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Comment: Re:as opposed to the other kind of corporation? (Score 1) 179

by hey! (#47567637) Attached to: Comcast Confessions

Here's the interesting thing, though. Let's agree that bottom-feeding is the natural ground state of a corporation; what that means is that nearly everybody is doing it, which means bottom-feeders on average don't make any more profit than you'd get investing in a mutual fund, but involve a lot more risk.

If you want to make *more* profit, you have to be about something *in addition to* profit. A great company has an identity which has value. This, by the way, is how Carly Fiorina ruined HP. She re-imagined HP as something more generic.

Comment: Re:The Alliance of Artists should lose this suit (Score 1) 219

Thanks. I hadn't noticed that the Lords was sitting for a little longer than the Commons before the summer recess.

I'm glad to see some progress here, though it's depressing that the parliamentary debate has still been framed almost exclusively in economic terms with little advocacy for those who just want to enjoy works of art (you know, "the people"). The speech by Baroness Neville-Rolfe introducing the debate was one of the more reasonable I've seen, at least acknowledging that copyright does have to be a balancing act if it's going to command any respect and does have to keep up with changing technology. Clearly most of her peers don't see this as anything other than a change in the law that might cost a business money and should therefore be rejected in their mind, with not a single word from some of them acknowledging that the status quo might not be appropriate or in the best interests of the people of this country. At least the final person to speak, the Earl of Erroll, managed to get some common sense onto the record on behalf of the other 99%.

Some of the speakers also seemed to think this is the end of the debate, when to many of us it is at most a baby step toward making IP laws fit for purpose in the 21st century. Writing as someone who makes a living creating knowledge works that are protected by copyright and runs multiple businesses using various commercial models, I don't recognise much of what they claim the "industry" wants, nor do I expect any of my businesses will lose a single penny of revenue as a result of any of the proposed changes.

It's also sad that they seem ignorant (wilfully or otherwise) of the fact that these new rules will be almost meaningless for many types of work as long as technical protection measures are allowed to override them. What is the point of creating an exception to something otherwise prohibited by law if you're just going to let it be trivially prohibited in some other way anyway? They even acknowledge this themselves in another context, when talking about contract override. And then they amusingly suggest that the current situation "risks the law falling into disrepute". I'm pretty sure the law on copyright has been in disrepute for several decades by now.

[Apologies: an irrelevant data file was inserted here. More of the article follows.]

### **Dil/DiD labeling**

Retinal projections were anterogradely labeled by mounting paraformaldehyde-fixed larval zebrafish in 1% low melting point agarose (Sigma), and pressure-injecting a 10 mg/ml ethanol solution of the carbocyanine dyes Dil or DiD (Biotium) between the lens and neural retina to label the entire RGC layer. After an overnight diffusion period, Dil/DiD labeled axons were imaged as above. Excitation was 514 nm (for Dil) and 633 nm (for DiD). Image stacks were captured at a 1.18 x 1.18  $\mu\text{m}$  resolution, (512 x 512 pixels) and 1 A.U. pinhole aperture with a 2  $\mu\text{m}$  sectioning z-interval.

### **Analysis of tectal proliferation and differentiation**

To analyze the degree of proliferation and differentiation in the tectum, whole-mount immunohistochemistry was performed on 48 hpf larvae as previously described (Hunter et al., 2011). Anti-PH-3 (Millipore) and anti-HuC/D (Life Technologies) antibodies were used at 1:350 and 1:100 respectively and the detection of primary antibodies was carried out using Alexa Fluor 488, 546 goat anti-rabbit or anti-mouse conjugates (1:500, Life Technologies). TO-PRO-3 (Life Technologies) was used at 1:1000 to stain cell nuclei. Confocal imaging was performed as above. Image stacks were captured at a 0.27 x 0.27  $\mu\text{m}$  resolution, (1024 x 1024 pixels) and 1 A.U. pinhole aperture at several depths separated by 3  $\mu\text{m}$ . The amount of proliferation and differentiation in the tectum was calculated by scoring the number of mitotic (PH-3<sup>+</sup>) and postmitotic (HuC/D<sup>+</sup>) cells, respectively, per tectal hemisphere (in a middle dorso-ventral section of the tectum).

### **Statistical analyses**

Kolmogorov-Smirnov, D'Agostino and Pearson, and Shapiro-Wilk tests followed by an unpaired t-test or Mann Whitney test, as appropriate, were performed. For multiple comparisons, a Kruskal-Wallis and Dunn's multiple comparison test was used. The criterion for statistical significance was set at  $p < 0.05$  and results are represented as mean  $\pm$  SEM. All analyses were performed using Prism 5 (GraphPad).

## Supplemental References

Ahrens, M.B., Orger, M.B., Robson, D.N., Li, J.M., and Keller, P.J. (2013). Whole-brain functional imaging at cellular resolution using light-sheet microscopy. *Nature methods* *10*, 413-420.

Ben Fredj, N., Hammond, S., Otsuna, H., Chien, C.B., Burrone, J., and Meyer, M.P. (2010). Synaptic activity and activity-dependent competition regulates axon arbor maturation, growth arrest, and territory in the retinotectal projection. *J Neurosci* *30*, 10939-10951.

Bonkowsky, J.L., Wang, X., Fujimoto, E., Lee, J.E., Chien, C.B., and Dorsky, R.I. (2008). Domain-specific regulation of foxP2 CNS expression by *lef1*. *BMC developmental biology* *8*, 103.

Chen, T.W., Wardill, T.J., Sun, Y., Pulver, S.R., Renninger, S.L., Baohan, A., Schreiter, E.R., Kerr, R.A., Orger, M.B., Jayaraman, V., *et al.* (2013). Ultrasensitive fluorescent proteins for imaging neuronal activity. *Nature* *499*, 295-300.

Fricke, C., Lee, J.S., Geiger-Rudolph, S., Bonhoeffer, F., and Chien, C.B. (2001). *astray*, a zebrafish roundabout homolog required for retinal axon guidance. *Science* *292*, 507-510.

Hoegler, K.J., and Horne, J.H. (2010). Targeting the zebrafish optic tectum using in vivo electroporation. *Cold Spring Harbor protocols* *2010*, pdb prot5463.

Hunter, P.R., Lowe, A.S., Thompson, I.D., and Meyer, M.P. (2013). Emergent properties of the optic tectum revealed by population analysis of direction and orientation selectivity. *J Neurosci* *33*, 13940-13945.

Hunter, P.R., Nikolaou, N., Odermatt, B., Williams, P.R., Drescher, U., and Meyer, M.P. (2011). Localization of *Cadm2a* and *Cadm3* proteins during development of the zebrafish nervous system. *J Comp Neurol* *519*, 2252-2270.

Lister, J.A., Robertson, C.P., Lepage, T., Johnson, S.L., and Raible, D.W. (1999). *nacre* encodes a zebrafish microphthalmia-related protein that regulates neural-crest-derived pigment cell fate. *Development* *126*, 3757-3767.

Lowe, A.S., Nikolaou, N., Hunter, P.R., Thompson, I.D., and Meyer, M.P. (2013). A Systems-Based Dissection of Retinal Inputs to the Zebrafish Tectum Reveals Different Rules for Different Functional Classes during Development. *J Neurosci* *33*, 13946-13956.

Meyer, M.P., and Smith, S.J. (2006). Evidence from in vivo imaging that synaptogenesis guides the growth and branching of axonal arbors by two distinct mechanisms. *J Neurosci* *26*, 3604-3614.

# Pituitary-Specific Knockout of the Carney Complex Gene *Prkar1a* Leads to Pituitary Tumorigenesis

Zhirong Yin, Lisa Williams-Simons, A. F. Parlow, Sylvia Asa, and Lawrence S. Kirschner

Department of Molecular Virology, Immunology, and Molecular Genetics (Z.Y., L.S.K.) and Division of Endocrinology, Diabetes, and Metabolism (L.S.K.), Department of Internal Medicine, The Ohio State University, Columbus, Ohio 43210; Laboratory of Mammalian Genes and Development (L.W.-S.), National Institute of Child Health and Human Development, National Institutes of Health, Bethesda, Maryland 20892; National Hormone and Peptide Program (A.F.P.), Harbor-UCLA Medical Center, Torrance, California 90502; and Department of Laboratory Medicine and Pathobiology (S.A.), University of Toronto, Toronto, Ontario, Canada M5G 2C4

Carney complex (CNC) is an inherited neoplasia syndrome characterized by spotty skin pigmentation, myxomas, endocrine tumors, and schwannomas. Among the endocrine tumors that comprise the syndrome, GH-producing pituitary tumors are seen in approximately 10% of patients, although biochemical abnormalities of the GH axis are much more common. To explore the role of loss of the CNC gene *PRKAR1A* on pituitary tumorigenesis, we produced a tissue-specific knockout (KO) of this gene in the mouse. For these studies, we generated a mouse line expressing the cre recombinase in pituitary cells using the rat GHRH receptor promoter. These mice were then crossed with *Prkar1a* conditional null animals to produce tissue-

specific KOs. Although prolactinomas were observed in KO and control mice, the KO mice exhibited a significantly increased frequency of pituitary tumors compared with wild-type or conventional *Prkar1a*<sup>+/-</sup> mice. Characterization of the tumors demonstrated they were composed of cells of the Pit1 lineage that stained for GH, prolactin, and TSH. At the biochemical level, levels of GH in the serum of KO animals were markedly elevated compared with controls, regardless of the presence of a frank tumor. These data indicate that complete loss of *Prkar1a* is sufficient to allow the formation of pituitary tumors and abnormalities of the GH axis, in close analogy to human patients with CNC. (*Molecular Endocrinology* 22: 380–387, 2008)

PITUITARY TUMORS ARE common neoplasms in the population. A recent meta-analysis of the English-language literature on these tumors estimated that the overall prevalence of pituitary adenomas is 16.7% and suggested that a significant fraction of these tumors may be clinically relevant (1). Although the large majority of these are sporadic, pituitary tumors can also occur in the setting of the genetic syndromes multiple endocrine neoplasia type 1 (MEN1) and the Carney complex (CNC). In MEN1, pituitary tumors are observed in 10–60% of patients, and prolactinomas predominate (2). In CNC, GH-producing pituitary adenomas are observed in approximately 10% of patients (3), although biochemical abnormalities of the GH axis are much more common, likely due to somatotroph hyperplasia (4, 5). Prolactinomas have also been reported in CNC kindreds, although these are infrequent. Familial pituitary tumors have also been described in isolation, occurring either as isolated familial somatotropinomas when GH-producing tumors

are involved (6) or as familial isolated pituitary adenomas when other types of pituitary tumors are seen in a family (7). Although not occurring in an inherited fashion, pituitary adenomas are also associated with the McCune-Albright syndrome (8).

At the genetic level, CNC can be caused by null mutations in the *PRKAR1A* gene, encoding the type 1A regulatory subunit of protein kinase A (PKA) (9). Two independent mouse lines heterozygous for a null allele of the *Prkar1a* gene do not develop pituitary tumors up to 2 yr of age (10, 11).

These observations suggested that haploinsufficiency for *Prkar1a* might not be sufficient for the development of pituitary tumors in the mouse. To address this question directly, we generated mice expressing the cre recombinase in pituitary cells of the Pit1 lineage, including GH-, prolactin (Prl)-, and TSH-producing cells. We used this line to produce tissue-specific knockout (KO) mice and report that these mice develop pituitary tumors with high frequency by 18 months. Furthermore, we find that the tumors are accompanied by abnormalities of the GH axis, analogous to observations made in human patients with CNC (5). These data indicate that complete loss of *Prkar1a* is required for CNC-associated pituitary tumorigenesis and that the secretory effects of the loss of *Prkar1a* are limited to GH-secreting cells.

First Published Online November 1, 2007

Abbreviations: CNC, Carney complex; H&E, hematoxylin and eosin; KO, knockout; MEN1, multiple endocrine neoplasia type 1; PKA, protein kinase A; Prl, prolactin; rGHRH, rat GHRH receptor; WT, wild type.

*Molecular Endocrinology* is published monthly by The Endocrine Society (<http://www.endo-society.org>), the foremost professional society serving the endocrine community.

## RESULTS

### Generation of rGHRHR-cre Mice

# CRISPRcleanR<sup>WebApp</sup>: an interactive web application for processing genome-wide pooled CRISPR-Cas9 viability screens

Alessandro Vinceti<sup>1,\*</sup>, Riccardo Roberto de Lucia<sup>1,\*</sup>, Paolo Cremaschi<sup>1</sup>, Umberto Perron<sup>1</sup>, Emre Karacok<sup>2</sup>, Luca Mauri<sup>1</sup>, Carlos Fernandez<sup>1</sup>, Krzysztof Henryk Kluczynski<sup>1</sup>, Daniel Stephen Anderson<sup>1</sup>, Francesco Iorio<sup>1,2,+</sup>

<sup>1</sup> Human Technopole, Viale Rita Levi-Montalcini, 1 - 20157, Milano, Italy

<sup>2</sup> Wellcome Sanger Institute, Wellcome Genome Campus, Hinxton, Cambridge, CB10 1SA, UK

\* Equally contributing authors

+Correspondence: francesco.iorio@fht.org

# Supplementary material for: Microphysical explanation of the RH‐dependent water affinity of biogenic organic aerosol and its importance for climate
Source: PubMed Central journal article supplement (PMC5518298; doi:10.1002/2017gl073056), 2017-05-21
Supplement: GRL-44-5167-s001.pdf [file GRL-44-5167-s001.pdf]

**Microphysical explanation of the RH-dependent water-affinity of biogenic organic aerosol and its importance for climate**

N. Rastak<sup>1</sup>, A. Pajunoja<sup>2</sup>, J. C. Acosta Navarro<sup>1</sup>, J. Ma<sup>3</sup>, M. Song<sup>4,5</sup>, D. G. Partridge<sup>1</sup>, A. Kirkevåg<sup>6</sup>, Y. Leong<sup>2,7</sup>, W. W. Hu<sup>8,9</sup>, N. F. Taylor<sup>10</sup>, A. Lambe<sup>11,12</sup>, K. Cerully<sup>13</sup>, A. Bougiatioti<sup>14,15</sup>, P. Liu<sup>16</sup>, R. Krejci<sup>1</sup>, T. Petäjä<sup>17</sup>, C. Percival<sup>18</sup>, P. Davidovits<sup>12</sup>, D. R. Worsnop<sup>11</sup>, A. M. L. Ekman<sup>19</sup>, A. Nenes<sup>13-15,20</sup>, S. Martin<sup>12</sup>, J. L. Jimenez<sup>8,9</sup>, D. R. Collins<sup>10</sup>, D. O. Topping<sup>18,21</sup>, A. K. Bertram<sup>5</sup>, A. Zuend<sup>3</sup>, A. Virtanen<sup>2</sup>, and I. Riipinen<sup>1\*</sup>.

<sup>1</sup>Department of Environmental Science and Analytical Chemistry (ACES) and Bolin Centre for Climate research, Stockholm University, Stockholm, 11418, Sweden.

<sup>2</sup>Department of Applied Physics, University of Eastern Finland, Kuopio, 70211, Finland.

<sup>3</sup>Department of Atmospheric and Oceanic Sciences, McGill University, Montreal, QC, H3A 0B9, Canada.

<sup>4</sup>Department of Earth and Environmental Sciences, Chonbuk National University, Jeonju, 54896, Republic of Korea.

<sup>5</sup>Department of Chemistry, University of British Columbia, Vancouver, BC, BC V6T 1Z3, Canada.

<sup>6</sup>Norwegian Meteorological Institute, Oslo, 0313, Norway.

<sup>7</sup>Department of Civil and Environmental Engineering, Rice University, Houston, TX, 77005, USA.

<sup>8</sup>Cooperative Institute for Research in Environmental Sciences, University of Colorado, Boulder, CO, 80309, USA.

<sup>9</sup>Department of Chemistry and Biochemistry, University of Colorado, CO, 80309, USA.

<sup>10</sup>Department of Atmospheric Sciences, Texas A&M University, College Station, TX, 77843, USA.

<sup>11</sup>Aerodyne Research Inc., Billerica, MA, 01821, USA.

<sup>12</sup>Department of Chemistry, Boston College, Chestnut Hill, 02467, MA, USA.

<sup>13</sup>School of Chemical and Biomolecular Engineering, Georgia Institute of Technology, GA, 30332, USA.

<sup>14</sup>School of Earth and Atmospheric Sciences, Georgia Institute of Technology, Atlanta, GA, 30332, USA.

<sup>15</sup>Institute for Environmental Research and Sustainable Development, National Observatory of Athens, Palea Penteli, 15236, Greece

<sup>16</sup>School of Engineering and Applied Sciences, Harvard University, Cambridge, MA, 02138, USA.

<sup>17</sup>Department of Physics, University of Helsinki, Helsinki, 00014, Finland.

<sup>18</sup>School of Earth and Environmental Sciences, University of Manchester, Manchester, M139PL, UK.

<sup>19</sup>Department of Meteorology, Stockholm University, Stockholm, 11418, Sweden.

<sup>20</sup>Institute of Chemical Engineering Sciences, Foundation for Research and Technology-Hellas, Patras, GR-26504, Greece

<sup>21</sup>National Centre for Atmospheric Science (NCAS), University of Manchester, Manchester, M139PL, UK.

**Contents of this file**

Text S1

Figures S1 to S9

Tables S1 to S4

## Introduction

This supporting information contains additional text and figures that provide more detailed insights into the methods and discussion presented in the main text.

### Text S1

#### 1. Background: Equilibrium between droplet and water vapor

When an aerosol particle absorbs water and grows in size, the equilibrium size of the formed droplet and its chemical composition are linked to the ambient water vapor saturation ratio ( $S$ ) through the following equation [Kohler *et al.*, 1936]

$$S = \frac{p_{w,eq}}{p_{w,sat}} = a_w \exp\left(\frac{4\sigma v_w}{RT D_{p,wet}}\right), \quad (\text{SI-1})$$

::frustrated::

Comment: Re:Why? (Score 1) 152

Air gapping the sensitive information is one of those things that looks easy on paper but runs afoul of the fact that people don't like to work that way. It's inefficient. It's not like people have *two* jobs, one sensitive the other not. They have one job in which sensitive bits are intertwined with regular bits, so in practiced people tend to cheat and do *some* sensitive work on the non-sensitive network.

Even if the users are unrealistically conscientious about never doing anything sensitive on their non-secure PCs, this intertwining of sensitive with ordinary information means that you can probably deduce a lot from apparently innocuous data. Imagine you discover the following information from poking around on an engineer's "non-sensitive" computer:

(1) He is exchanging email with certain university researchers setting up face to face meetings.
(2) He has downloaded datasheets for several families of exotic electronic components.
(3) He has telephone appointments in his calendar with salesmen from Unobtanium Corp.
(4) His browsing history shows he's been reading up on certain mathematical topics on Wolfram Alpha.

Now put this all together and another expert in his field might be able to deduce a lot more than you'd expect than if you looked at any one of these factors. The interconnected nature of an engineer's work means that if you remove all the sensitive bits it leaves a hole of a characteristic shape.

Comment: Re:Citing Wikipedia (Score 1) 113

by drinkypoo (#47567411) Attached to: An Accidental Wikipedia Hoax